Rallying its members to wipe out passwords, the Faster IDentity Online Alliance an organization of more than 150 payments and technology businesses released standards Dec. 9 for multi-factor e-commerce authentication.
The FIDO Alliance has set 1.0 specifications for what it calls Universal Second Factor [U2F] and Universal Authentication Framework [UAF]. The major benefit of FIDO 1.0 is the option for e-commerce merchants to add second authentication factors, such as biometrics, through a UAF server.
FIDO's board members include Alibaba, Discover, Google, MasterCard, Microsoft, PayPal and Visa.
The release of the FIDO specifications is a "notable milestone" in transaction security and network access authorization, said Julie Conroy, senior analyst and fraud expert with Boston-based Aite Group. "The useful days of username/password as an authenticator are far behind us."
E-commerce merchants in particular are facing a heightened risk of account takeover fraud, Conroy added. "To the extent the industry can work together to make security both more effective while not bringing extra friction to the process, that will benefit all players in the ecosystem."
Nok Nok Labs, the Palo Alto, Calif.-based authentication technology provider that initiated the FIDO Alliance two years ago, is one of the first to announce its support of FIDO's operating standard, which enables the sale of FIDO-Certified technology as opposed to what has been labeled FIDO-Ready services.
"This is the dawn of the FIDO capability age and all of our hard work has led to this," said Phillip Dunkelberger, CEO of Nok Nok Labs. "We were all up to developing the new standard; now let's see if we're up to the rest of it in getting it deployed."
Nok Nok developed the UAF server that accepts all forms of authentication from fingerprint scans or facial or voice recognition, to heartbeat monitoring and PINs.
The server "tells the relaying parties' systems that it is a FIDO element in good standing and has never been breached, while storing the keys that are generated," Dunkelberger said.
South Africa- and Atlanta-based Entersekt, another transaction authentication provider and FIDO Alliance member, will provide U2F-enabled authentication to banks through its Transakt app using the new specifications.
Entersekt developed a USB bridge installed on a user's computer, allowing a browser to connect with the FIDO U2F-enabled Transakt app on their phone. Rather than requiring one-time-passwords or hardware tokens, Transakt prompts users to tap "accept" or "reject" on a mobile device's screen to authenticate identity when conducting a transaction.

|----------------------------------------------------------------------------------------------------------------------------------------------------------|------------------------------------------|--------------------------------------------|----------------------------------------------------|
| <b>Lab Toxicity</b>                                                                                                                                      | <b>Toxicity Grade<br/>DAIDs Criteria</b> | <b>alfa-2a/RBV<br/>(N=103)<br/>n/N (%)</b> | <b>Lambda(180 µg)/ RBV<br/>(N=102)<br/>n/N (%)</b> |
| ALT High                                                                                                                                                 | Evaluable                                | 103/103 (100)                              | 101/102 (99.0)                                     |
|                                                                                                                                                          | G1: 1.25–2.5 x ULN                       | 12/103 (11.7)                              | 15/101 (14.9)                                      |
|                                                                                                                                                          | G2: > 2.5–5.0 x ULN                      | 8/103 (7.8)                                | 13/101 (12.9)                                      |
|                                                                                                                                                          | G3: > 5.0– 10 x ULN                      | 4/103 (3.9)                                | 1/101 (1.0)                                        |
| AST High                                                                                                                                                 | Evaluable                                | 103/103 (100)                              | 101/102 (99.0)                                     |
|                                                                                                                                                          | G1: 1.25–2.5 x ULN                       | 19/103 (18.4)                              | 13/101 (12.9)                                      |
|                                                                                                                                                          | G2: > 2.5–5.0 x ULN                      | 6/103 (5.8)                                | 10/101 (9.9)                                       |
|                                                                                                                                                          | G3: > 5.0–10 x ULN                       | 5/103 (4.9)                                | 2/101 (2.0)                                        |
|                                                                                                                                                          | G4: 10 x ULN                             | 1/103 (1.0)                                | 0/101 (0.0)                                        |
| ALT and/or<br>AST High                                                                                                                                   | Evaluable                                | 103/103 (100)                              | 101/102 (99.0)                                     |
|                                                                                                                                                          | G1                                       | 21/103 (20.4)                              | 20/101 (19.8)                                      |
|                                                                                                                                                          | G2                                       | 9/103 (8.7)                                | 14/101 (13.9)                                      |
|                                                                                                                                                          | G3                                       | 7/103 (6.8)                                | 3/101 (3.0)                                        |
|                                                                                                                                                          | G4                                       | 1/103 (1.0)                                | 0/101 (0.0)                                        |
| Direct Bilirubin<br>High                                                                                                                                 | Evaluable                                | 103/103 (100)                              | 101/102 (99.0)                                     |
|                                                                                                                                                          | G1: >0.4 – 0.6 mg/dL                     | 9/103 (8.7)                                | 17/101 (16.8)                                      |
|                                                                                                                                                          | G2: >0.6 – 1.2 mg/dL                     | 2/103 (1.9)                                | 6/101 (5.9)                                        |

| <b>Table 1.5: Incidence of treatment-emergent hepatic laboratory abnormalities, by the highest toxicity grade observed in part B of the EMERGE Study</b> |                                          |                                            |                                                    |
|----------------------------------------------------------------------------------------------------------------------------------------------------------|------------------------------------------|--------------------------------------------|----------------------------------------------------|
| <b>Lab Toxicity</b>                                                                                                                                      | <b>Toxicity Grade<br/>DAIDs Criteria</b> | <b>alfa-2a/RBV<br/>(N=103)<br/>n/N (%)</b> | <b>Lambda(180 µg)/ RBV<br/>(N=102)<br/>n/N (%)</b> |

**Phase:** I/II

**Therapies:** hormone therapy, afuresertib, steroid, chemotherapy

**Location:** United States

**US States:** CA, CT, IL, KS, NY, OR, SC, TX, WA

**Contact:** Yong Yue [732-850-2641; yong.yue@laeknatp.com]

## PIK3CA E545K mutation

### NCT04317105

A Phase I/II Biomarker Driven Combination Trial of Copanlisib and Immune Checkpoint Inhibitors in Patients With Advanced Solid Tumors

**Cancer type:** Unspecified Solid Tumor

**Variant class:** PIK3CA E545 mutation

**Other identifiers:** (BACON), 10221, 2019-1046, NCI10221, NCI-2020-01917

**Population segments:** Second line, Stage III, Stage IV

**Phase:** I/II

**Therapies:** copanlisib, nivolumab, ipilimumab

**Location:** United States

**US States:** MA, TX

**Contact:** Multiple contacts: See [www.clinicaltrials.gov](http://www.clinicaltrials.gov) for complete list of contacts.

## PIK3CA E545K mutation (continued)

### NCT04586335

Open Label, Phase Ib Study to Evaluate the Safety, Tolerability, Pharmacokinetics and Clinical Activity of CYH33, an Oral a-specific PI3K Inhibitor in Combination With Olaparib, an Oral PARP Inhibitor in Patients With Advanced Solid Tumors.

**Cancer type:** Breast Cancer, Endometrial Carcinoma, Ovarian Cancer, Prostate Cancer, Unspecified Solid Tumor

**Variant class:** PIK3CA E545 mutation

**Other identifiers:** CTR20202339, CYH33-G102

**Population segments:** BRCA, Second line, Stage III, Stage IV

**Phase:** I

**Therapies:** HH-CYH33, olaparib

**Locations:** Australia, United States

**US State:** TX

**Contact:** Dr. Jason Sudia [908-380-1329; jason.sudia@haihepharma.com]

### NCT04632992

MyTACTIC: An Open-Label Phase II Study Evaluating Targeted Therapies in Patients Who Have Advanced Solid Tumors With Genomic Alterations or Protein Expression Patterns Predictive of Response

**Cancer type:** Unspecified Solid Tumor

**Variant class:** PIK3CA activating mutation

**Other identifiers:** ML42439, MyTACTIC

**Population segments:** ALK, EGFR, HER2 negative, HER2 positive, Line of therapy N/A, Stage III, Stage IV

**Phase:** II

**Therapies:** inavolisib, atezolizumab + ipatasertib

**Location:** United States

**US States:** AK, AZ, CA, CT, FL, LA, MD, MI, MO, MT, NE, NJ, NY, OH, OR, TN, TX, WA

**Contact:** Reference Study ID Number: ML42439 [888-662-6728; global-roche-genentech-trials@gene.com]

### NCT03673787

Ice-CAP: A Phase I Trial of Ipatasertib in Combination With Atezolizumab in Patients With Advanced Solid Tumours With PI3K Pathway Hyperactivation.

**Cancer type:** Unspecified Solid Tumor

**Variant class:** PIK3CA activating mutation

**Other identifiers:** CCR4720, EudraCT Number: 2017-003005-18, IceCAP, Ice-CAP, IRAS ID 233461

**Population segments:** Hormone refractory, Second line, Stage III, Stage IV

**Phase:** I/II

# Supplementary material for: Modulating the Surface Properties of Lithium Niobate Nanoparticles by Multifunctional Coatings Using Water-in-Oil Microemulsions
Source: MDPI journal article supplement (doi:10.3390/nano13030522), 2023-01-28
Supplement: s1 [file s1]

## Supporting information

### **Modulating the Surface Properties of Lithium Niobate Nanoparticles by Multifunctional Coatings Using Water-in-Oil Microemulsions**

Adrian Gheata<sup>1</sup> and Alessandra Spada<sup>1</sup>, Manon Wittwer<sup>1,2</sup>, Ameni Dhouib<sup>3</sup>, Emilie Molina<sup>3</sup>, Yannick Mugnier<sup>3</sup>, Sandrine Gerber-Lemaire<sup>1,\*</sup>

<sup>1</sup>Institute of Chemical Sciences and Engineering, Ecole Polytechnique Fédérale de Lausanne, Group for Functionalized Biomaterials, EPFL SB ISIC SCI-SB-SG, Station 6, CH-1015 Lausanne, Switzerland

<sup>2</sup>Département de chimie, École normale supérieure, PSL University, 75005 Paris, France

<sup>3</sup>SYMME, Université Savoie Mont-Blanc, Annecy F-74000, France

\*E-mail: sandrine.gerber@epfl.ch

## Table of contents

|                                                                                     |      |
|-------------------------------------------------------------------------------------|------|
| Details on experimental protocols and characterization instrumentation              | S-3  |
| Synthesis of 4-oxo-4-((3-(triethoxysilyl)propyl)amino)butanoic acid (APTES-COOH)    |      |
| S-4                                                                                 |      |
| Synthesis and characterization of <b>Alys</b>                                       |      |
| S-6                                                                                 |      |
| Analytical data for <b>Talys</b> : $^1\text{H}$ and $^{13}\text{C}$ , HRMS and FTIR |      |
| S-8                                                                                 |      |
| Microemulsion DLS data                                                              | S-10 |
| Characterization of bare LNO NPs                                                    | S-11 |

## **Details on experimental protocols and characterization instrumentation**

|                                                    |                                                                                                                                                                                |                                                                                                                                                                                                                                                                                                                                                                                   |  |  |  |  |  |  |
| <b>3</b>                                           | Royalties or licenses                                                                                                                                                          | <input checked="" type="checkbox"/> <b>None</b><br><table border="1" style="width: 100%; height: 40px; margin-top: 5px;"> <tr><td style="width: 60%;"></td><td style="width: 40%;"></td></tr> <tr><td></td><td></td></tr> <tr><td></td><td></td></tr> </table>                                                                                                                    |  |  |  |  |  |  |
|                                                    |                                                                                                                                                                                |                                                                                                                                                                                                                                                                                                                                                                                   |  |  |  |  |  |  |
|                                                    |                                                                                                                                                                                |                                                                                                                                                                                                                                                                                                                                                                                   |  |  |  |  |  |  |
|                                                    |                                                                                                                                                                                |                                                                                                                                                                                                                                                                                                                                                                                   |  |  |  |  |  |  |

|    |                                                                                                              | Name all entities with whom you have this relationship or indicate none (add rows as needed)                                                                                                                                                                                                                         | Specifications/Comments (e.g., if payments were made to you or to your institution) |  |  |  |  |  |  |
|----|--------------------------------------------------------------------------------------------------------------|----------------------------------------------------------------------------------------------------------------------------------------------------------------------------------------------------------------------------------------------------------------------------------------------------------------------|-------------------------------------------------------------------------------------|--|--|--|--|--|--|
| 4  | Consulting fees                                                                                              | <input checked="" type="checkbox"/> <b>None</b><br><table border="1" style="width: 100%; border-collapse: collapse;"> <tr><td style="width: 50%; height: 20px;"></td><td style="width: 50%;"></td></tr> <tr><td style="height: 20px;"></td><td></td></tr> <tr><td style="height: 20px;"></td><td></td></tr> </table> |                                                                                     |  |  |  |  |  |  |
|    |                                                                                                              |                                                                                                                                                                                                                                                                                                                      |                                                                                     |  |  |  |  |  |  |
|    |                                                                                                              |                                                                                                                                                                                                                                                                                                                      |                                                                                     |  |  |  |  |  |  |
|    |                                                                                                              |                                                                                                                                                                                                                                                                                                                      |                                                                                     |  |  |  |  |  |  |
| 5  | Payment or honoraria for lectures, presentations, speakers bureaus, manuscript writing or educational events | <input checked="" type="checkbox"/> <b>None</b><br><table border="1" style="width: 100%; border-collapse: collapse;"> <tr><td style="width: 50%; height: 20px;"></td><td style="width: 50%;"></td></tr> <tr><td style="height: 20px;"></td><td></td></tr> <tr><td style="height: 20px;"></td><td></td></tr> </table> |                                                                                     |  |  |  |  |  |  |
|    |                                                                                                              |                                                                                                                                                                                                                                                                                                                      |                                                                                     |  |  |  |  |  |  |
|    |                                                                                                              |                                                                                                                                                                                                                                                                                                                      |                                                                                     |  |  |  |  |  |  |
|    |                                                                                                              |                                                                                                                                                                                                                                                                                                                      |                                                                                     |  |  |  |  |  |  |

"With the traditional one-time password serving as nothing more than a Band-Aid for protecting users from increasing instances of fraud, we fully support the newly-introduced guidelines from the FIDO Alliance in order to combat advanced fraud attacks," Christiaan Brand, chief technology officer at Entersekt, said in a company announcement.
Other FIDO members also reaffirmed their commitment to secure authentication. PayPal, for example, supports FIDO-based fingerprint logins through its mobile app when operating on FIDO Ready devices such as the Samsung Galaxy S5.
"The world needs a simpler and more secure login method for online services and FIDO's open specifications help achieve this," Andy Steingruebl, PayPal's director of product and ecosystem security, said in a FIDO statement.
Ritu Favre, senior vice president and general manager of the biometrics product division at Synaptics, a FIDO founder, said his company has been eager to see its work with the alliance come to fruition.
"Expanding the value of client-based local authentication to online identity has been the dream," Favre said. "We are extremely excited to see it turn into reality with the U2F and UAF specification rollouts."
The advancement of official FIDO specifications will also help the fight against fraudsters trying to enter major retail networks through third-party vendor credentials, as occurred in both the Target and Home Depot breaches, Dunkelberger said.
"Now, companies can require third-party vendors to use FIDO-Certified multi-factor authentication, not just a username and password," Dunkelberger said. "Once a criminal steals a password, he can go phishing and assume that identity to install malware and steal card data."
The only thing a criminal could steal on the back end of a FIDO system would be a public key, Dunkelberger added. "They could not steal authentications for credit card data or authentications into systems."
FIDO plans to add members and expand upon its specifications in the future, Dunkelberger said.
MasterCard has already announced it was working with Visa to update 3D Secure for e-commerce next year, essentially eliminating passwords.
"The industry has come together to try to solve a major problem," Dunkelberger said of FIDO. "These companies gave their tech people to this project in addition to their full-time jobs and all of the tech teams have been big contributors to a great idea."